White House says it is working to speed up initial production of Jammu and Kashmir COVID-19 vaccine

(Reuters) – The Biden administration is exploring every option to increase manufacturing of Johnson & Johnson’s COVID-19 vaccine, which is under regulatory review, and said Friday that the initial dose level is currently lower than expected Was.

FILE PHOTO: A sticker reading vials, “COVID-19 / Coronavirus Vaccine / Injection Only” and a medical syringe, seen in front of the Johnson & Johnson logo in this image taken on October 31, 2020. REUTERS / Dado Ruvic / Illustration / File Photo

The White House has implemented the Defense Production Act to help Pfizer Inc. produce the COVID-19 vaccine and said that “every option” was on the table to produce more Johnson & Johnson vaccines should it be authorized.

Officials said in a media briefing on Friday that wartime powers would be used to extend COVID-19 tests at home and to make more surgical gloves in the United States.

White House COOID-19 senior adviser Andy Slavit said, “As with other vaccines, we haven’t found that the level of manufacturing allows us to vaccinate as many vaccines as we can out of the gate. Need to come. ” The response team mentions vaccines from Jammu and Jammu.

J&J applied to the US Emergency Use Authority on Thursday. It expects some vaccines to be ready for delivery as soon as possible, but has not revealed how much.

Emergent Biosolutions chief executive Robert Kramer said in an interview on Friday that the company is currently making large-scale “narcotics” for Jammu and Kashmir. Emergent is only producing bulk vaccines, which are then filled in syringes or vials and packaged for shipment by another contractor.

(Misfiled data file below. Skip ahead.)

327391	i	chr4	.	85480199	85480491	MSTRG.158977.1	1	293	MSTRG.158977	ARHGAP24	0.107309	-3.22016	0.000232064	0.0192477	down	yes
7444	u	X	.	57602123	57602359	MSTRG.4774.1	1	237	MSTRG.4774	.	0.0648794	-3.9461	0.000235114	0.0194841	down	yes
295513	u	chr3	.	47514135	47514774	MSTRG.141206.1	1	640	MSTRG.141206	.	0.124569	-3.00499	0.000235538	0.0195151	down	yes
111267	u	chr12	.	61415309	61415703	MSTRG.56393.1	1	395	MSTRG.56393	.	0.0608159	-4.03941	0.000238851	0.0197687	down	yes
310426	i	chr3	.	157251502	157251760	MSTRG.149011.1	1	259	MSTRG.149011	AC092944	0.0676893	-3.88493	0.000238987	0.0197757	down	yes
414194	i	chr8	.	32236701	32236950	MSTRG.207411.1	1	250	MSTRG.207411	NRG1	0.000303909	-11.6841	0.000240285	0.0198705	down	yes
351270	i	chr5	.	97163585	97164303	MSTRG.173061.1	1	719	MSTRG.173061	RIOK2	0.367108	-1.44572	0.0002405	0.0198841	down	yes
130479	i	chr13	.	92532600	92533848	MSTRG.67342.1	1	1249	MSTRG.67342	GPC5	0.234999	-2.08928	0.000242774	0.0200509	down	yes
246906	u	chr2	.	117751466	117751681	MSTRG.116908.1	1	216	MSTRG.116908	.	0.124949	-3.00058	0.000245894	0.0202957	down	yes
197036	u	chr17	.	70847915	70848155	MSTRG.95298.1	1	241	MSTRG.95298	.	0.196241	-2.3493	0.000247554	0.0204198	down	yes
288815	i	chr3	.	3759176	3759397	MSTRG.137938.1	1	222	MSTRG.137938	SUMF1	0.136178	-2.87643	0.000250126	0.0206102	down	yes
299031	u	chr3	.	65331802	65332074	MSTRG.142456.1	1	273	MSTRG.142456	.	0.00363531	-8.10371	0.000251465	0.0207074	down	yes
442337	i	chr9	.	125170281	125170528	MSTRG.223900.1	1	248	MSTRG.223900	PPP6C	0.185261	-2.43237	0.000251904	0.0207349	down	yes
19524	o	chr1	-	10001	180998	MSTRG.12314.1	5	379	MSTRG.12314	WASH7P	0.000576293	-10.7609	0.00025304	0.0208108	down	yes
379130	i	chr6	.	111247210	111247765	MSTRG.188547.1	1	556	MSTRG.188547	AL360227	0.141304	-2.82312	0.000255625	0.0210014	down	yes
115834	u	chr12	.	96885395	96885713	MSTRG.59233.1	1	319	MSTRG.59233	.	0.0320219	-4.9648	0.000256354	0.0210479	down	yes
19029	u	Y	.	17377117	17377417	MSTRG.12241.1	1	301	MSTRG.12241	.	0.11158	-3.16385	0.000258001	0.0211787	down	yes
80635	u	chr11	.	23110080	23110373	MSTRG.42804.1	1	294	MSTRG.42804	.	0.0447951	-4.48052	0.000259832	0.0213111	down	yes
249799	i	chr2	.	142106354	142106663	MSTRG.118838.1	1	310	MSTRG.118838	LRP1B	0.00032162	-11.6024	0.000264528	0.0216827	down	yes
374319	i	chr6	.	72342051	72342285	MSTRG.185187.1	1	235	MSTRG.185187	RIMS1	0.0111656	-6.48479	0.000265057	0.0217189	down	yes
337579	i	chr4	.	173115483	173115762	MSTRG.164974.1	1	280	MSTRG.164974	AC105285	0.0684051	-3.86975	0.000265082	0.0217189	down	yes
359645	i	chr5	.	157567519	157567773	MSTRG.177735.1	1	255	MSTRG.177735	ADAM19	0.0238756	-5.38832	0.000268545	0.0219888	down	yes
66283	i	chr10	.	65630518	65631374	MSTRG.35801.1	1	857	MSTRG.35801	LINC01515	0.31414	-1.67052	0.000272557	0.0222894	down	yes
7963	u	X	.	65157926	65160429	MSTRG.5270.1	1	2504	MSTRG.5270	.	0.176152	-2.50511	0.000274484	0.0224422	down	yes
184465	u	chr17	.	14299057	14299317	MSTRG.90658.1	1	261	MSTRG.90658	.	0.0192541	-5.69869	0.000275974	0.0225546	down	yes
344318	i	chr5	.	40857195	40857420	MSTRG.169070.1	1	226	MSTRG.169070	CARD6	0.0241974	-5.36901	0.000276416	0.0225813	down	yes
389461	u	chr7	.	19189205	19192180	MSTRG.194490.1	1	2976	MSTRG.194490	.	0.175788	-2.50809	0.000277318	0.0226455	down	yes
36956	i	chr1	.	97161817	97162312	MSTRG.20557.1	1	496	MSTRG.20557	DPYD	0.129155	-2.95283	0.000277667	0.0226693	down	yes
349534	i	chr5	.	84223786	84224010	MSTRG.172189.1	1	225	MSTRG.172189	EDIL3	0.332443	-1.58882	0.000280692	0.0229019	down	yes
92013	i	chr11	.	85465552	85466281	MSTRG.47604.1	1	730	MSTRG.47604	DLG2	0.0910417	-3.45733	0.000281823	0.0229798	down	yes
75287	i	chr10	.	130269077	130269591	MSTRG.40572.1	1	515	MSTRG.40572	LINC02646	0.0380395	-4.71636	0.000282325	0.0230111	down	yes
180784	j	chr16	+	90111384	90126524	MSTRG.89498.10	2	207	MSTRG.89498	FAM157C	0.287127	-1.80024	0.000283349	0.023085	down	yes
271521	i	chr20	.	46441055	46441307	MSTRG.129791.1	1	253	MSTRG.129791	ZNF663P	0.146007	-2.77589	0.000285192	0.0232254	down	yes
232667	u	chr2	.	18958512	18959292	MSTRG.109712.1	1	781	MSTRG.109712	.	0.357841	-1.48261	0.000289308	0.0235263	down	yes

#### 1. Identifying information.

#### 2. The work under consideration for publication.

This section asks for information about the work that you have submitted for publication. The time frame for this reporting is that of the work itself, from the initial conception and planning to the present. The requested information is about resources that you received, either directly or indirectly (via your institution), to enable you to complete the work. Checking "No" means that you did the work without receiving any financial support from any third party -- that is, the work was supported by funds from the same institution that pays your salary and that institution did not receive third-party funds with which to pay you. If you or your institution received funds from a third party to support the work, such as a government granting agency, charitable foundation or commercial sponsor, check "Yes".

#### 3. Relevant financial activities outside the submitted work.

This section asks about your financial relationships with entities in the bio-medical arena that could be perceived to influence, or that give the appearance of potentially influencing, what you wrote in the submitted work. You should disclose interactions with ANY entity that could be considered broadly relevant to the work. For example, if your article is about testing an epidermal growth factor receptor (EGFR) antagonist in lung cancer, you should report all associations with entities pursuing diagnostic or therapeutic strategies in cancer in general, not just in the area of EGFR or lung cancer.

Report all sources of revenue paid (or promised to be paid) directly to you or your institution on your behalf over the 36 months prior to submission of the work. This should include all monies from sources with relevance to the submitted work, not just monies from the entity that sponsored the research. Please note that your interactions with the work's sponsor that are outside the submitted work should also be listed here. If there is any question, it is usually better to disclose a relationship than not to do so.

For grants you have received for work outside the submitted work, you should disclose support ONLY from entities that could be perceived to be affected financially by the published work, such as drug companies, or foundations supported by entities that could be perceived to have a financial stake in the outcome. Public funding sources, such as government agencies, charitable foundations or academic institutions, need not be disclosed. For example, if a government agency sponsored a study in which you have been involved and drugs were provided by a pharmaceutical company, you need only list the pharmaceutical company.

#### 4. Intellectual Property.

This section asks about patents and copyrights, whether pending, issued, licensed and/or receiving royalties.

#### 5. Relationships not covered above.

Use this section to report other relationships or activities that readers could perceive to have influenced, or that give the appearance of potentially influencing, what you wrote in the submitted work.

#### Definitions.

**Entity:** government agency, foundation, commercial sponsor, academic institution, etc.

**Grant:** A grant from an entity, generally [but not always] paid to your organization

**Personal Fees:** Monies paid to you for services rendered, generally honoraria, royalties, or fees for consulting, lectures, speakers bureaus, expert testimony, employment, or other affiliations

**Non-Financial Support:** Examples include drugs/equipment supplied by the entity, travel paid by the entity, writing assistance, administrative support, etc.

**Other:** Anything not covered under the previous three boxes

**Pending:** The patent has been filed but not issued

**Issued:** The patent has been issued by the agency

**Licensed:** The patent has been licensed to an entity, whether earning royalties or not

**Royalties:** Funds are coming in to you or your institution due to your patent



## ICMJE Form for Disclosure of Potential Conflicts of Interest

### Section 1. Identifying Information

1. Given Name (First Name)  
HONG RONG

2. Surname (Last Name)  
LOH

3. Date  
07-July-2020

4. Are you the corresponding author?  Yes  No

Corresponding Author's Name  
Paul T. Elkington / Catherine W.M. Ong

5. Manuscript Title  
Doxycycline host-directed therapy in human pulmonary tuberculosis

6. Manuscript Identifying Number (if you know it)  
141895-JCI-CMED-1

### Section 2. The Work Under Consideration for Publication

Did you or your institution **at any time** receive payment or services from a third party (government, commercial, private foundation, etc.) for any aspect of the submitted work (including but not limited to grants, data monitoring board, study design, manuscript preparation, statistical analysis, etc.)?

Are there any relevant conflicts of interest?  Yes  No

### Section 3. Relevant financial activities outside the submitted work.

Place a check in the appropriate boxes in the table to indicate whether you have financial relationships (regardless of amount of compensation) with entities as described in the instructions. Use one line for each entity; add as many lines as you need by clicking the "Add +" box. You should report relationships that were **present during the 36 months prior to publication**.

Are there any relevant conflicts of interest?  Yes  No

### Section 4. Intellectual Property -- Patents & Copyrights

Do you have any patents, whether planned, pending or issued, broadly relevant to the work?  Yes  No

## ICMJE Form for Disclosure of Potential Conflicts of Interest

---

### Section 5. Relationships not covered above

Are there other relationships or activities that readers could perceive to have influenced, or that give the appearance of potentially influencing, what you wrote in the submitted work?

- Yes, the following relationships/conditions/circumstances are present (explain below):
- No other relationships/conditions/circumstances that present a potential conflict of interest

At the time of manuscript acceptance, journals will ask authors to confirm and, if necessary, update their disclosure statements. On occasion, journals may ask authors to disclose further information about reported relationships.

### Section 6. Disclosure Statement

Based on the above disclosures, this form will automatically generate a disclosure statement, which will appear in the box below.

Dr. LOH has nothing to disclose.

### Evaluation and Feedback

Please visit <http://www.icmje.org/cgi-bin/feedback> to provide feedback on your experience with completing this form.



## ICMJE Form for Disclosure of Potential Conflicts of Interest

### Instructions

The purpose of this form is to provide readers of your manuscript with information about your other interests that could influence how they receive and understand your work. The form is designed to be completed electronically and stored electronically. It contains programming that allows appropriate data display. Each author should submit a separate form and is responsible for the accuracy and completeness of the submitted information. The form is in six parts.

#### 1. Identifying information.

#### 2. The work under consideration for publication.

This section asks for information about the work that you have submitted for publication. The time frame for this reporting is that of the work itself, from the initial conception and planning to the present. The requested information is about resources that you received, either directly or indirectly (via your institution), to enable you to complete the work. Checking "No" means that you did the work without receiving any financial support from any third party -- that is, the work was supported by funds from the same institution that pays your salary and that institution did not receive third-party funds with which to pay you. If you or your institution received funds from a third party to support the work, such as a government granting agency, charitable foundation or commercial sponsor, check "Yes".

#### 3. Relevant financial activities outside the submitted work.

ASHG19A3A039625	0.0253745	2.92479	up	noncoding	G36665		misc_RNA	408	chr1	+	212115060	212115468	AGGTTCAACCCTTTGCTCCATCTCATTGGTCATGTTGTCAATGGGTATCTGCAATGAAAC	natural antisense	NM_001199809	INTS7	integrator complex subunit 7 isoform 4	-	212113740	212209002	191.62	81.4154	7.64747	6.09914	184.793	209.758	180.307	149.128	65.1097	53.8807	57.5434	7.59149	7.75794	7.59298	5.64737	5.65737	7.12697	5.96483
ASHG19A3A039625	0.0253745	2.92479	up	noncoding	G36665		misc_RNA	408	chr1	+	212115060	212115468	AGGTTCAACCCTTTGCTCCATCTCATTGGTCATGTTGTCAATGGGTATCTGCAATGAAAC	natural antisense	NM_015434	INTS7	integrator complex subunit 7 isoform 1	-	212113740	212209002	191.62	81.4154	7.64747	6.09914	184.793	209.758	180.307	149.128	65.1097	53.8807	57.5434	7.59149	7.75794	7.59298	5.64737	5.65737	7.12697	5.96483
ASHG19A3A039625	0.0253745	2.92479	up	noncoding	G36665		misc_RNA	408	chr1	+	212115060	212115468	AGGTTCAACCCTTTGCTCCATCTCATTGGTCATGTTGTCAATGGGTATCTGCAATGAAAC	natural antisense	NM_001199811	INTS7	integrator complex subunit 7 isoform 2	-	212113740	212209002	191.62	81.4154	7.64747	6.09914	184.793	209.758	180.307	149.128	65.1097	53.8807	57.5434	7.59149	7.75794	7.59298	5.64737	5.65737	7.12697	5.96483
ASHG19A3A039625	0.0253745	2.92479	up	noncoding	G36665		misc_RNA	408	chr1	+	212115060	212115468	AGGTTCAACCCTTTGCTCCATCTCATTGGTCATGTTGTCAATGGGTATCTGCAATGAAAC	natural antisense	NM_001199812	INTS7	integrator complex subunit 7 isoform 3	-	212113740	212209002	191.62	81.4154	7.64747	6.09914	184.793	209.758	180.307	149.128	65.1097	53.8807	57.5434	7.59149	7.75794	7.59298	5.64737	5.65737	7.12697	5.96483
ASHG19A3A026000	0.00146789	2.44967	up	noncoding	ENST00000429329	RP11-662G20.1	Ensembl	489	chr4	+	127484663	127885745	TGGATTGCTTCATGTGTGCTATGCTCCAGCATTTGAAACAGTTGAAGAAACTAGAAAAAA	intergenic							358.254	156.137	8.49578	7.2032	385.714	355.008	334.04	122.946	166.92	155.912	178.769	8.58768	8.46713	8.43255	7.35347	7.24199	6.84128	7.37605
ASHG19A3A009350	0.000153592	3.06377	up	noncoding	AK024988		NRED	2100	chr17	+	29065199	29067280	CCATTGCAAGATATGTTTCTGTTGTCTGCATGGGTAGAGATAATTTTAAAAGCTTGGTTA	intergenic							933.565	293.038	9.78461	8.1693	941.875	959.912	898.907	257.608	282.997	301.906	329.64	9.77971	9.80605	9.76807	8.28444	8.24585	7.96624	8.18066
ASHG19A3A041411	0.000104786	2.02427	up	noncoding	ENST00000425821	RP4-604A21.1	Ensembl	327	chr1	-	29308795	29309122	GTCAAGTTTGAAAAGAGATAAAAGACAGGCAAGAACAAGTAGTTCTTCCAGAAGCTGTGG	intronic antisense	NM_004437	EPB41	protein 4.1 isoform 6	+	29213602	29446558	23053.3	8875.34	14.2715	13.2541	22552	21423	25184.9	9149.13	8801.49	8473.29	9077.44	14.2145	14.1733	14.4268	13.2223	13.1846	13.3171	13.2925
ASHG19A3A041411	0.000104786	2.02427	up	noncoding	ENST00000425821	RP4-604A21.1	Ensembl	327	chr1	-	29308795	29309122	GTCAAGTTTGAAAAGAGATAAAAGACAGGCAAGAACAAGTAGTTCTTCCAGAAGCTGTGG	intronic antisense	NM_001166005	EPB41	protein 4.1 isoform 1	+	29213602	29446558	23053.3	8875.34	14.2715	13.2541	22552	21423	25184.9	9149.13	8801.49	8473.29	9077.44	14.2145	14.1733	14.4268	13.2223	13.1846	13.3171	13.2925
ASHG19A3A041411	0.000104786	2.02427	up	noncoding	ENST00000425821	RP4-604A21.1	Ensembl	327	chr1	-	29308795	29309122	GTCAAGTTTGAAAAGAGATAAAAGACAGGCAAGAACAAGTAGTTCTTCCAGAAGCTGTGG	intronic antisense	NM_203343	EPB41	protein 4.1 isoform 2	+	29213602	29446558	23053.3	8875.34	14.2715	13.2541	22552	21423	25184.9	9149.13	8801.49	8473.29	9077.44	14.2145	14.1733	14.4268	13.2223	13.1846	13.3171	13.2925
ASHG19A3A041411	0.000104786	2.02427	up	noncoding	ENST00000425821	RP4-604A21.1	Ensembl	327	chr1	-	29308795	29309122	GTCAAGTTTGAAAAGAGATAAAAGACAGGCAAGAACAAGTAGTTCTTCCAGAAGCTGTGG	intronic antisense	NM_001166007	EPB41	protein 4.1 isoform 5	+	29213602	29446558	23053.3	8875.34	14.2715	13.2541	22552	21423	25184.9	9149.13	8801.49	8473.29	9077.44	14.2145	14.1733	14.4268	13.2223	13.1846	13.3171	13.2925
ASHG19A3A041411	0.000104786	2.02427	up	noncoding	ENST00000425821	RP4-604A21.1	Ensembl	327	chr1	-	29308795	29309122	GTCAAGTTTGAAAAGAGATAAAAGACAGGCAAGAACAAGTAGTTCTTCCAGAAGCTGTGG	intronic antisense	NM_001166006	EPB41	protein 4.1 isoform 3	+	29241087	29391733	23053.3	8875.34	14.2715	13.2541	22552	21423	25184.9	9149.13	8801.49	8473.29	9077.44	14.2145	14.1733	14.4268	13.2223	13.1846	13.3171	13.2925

Kramer said they were on track to produce enough products for hundreds of millions of doses a year. It is not clear what other supply bottlenecks may be. Kramer said his company had already benefited from the Defense Production Act under the Trump administration, helping the company reach a point where it is ready to go.

Officials said that under the authority of the Defense Production Act, the government would give priority ratings to two components critical for Pfizer’s vaccine production filling pumps and tangent flow filtration units.

“We told you when we heard about a bottleneck on essential equipment, supplies, or technology related to vaccine supplies that we would step in and help, and we were doing just that,” said Tim Manning, of National COVID-19 Response to Supply Chain Coordinator.

Manning said the government would also invoke its powers under the Defense Act to extend six-anonymous Cov’d-19 tests with six, anonymous manufacturers under the Defense Production Act.

It will also invoke its powers to increase the supply of surgical gloves to the country, which are made almost exclusively abroad.

Manning said the government would build factories producing raw materials for surgical gloves and help build plants to make gloves in the US.

By the end of the year, he said, the United States would be able to produce one billion gloves a month.

Officials have said that once the Jammu and Kashmir vaccine is authorized, it will mean that millions more doses will be available to the states. The vaccine is one-shot, as opposed to Pfizer’s Modern and Modern Inc.’s two-dose vaccines, and can be stored in the refrigerator.

Officials have expressed hope that the ease of delivering the J&K vaccine will mean that the states will be able to immunize the residents more quickly.

Editing by Dania Nadeem, Rebecca Spalding and Julie Steenhuysen, Peter Henderson, Steve Orlofsky and David Gregorio